Seymour’s new football coach developing his own style


Tyson Moore’s high school football head coaching experience has been compressed into one fall, but he has been around the game his whole life so he feels older than 28 in dog years.

The Seymour rookie head man brings the Owls to Columbus East Friday night for Hoosier Hills Conference game noting the last time he stepped foot on that field was a playoff loss when he was a member of the Olympians.

Oct. 29, 2010 was the date, and it rolls off Moore’s tongue without research. His coach? Bob Gaddis, still the Olympians’ coach, who has some of the same assistants Moore knew then.

"I think the world of those guys," Moore said. "Now I want to beat them. That’s my alma mater. I respect them."

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Moore may not have completed his first season as the boss of a program, but his institutional memory of Indiana football dates back because his father, Eric, is the long-time coach at Center Grove.

Hired in May, running practices and conditioning over the summer under COVID-19 social distancing rules, and now with a 3-4 record entering Friday’s game, Moore said he feels more mature.

As a new young coach, Moore said "You think you have everything figured out." Then the game starts and you quickly shift from Plan A to Plan B to Plan C.

"We adjust here and there," he said. "I’ve had to take steps back and realize, ‘This isn’t going to work.’ From August to where we are now, I’ve grown a lot."

Coincidental with the timing of lining up against his old coach, Moore said he talked to his dad over the weekend and told him, "I get it now. I get a lot of what my coaches said.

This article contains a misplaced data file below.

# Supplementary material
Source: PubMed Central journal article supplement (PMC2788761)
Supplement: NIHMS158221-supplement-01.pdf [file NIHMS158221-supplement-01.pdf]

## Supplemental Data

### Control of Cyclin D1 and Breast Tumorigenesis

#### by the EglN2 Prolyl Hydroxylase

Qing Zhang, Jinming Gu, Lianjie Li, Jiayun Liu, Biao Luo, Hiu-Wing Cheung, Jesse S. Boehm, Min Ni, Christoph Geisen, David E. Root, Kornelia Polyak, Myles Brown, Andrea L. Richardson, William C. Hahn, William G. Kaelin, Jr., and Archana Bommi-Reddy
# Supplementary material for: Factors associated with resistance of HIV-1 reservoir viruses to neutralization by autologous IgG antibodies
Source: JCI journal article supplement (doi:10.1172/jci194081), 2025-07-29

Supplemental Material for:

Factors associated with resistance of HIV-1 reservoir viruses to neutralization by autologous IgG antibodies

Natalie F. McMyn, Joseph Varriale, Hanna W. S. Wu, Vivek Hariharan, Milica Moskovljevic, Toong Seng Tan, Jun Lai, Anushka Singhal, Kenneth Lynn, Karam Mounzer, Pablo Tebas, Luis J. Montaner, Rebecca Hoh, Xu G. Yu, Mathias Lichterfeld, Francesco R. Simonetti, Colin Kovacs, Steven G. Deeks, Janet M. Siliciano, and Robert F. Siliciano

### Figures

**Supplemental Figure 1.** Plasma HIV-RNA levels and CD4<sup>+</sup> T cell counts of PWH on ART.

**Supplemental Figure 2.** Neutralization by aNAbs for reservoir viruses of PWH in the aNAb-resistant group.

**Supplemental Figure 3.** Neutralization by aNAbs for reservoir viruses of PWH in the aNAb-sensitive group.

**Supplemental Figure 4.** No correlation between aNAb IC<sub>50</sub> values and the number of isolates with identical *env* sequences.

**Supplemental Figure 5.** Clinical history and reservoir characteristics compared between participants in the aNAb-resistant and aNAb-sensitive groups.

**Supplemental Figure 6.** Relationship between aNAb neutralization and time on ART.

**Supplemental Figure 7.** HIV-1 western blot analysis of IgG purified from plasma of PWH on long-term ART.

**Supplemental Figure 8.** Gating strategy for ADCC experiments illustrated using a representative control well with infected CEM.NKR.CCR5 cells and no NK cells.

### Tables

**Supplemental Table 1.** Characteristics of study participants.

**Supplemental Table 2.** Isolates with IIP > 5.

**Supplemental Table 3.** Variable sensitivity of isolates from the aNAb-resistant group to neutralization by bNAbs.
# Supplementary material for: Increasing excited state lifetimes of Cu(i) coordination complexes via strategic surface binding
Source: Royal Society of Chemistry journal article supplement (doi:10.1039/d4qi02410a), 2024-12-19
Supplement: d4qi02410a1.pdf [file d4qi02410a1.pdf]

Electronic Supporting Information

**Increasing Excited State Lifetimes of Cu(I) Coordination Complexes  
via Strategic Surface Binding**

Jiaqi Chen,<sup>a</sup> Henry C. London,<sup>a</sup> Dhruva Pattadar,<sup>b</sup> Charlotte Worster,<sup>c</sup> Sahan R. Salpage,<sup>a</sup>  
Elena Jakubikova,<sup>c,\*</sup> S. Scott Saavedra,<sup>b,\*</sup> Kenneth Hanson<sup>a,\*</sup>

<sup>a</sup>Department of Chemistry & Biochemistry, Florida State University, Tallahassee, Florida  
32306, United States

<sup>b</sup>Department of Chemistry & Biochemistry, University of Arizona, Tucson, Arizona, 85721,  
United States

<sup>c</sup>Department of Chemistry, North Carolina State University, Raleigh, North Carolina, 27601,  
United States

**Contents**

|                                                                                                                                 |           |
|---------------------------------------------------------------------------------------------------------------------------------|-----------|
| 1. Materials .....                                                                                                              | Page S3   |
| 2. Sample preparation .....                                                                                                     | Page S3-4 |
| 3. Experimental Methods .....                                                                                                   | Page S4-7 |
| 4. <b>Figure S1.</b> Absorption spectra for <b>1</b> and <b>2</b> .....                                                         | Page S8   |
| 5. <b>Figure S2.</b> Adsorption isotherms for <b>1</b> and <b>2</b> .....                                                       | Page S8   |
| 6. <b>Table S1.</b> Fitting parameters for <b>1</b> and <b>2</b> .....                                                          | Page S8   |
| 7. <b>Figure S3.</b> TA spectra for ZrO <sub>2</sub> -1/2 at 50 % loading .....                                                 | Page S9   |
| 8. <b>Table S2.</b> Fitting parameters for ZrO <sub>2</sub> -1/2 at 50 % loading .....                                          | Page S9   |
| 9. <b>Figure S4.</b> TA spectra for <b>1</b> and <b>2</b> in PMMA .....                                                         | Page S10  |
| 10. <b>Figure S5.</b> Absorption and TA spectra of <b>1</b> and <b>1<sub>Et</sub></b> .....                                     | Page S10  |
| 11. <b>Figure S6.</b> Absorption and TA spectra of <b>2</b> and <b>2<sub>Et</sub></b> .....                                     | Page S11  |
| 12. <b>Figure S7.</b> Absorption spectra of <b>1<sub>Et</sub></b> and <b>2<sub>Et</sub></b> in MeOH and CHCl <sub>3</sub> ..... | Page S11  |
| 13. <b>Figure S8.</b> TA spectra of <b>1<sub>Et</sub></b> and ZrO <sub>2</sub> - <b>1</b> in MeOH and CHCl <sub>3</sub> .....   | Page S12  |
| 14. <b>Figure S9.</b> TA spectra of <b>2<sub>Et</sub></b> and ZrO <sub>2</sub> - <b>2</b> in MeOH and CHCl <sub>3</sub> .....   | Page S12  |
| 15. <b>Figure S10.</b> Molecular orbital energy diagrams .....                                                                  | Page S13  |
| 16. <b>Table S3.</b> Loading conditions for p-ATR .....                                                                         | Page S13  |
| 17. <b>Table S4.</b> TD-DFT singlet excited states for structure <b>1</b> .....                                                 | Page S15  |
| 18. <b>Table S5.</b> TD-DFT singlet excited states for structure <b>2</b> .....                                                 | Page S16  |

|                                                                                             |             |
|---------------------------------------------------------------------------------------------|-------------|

"You gain an understanding of when you were a player of what your coaches were frustrated about."

Publicized coaching wisdom means more to Moore now than it did. He cited a comment issued by Nick Saban, the Alabama coach who has won six national college championships. "The second you as a coach think you know everything, it’s probably time to retire," Moore quoted Saban.

Every coach develops a philosophy, Moore said, "what you want to be known for. This is what our program is going to look like."

The boiled-down primary word applied to all aspects of his football team, Moore said, is "Discipline." Disciplined play on offense, defense and special teams, but also a disciplined look in public for the way players dress and behave.

"Do things right. Having character among yourselves. Having your chin strap buckled. Don’t be wearing yellow shorts when everyone else is wearing blue shorts. The fine little details. Little things like this carry over into professional life."

When the players go out into the business world and come to work, "They’re not going to let you dress sloppy," he said. He wants his teams "to carry themselves the way a great football team does."

Some of this fundamental thinking was absorbed playing for Gaddis at Columbus East and being around and working as an assistant coach with his father coaching."

Columbus East is 5-2 this year with Gaddis a 42-year coach with a 327-142 mark on his resume. Eric Moore, 7-0 this season, is in his 26th season of coaching with a 251-77 mark. The younger Moore is at least a quarter of a century behind their pace.

Moore will probably some day discuss how the hard loses hurt more than the pleasant victories feel and he already has two of those this season than can drive a coach crazy.

In an almost impossible finish, Seymour lost the Jackson Bowl to Brownstown Central, 43-42, with three lead changes in the final minute. Then a week later, the Owls lost by a touchdown to New Albany

That game was irritating not only because it was a close loss, but because the visitors ran up 215 yards in penalties, accumulated 11 unsportsmanlike or personal foul penalties, and had three players thrown out of the game. That is not what Moore considers disciplined behavior.

The Owls are better than their record shows because of those two losses, he said.

"What makes it even worse, you can’t change it," Moore said. "They’re going to be in the loss column forever."

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